In the fourth quarter, the deficit on investment income increased for the fourth consecutive quarter. The change came from the lower profits earned by Canadians on their direct investment abroad, following two strong quarters. Profits earned in the quarter decreased by $1.0 billion.

Payments on investment income have decreased slightly in the fourth quarter as lower payments were made on foreign-held Canadian bonds. As about half of these bonds have been issued in US dollars, the significant appreciation of the Canadian dollar against the US dollar over the last two years has led to a $1.0 billion reduction in interest paid this quarter compared to the payments at the end of 2002.

For the year, the deficit on investment income was reduced by $1.3 billion as receipts grew more than payments. The deficit was the lowest since 1992 and this only three years after registering a record deficit. In 2004, both profits earned abroad by Canadians and profits on foreign direct investment in Canada increased significantly over their 2003 levels.

Lower income from foreign operations leads to a higher income deficit
Chart: Lower income from foreign operations leads to a higher income deficit

Services remained stable

In the fourth quarter, the deficit on services remained unchanged at $2.6 billion. A lower deficit on commercial service transactions was offset by a higher deficit for travel. All of the change for travel came from higher payments. In the fourth quarter, the number of travellers who spent at least one night in Canada remained virtually unchanged while more Canadians travelled abroad, especially to the United States.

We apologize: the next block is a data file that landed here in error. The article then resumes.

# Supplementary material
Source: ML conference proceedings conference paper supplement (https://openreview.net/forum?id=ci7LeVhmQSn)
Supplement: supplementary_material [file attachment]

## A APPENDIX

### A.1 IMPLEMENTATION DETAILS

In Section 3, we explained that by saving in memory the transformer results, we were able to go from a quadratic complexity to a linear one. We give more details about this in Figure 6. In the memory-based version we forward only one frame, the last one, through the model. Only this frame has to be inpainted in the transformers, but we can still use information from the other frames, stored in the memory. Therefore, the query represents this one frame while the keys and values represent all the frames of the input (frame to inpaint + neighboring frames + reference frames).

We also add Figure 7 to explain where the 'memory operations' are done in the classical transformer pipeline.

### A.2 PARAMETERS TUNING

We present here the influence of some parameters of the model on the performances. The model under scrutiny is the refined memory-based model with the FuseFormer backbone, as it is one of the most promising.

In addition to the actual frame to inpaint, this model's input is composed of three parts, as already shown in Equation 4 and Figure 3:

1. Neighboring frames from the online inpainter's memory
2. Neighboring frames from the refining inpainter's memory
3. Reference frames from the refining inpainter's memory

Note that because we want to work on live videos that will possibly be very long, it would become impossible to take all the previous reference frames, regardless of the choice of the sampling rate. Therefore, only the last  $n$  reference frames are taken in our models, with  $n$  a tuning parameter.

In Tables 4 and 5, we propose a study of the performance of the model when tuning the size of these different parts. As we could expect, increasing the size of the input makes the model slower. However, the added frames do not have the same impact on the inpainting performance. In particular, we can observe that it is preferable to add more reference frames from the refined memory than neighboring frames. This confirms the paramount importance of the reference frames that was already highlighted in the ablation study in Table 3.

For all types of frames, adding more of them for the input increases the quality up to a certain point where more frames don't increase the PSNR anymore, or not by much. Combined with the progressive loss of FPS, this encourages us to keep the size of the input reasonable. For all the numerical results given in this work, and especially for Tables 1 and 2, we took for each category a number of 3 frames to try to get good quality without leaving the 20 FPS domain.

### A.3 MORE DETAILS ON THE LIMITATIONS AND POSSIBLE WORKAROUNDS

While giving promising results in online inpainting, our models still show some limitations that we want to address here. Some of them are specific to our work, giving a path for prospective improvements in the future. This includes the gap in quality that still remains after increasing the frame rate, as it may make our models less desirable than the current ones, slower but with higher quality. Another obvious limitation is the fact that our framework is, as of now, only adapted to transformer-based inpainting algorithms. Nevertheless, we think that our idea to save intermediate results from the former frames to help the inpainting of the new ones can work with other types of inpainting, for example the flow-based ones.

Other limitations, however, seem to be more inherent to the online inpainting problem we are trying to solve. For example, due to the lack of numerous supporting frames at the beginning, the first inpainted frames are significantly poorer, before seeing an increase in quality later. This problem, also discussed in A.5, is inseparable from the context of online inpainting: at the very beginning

For the year, the deficit for services increased by $0.3 billion. Travel and commercial services contributed to this increase.

At $4.1 billion, the 2004 travel deficit surpassed the 2003 deficit which was, at that time, the highest in nine years. While lower revenues were almost entirely responsible for the larger deficit in 2003, payments in 2004 grew more than the rebound in revenues. Despite the strong Canadian dollar vis-à-vis the US dollar, spending by Canadian travellers grew almost twice as fast for overseas destinations as for travel to the United States.

Direct investment abroad moderates1
Chart: Direct investment abroad moderates

Financial account

Moderate increase in direct investment abroad

Canadian direct investors injected $8.3 billion into foreign economies during the quarter which was down significantly from the previous two quarters. For 2004 however, direct investment abroad was at its highest in four years. The annual total of $57.5 billion went in roughly equal measures to acquisitions and to increases in the working capital of foreign affiliates. Geographically, just over 70% of the year’s direct investment went to the United States while four-fifths was invested in just two broad industry groups: finance and insurance and energy and metallic minerals.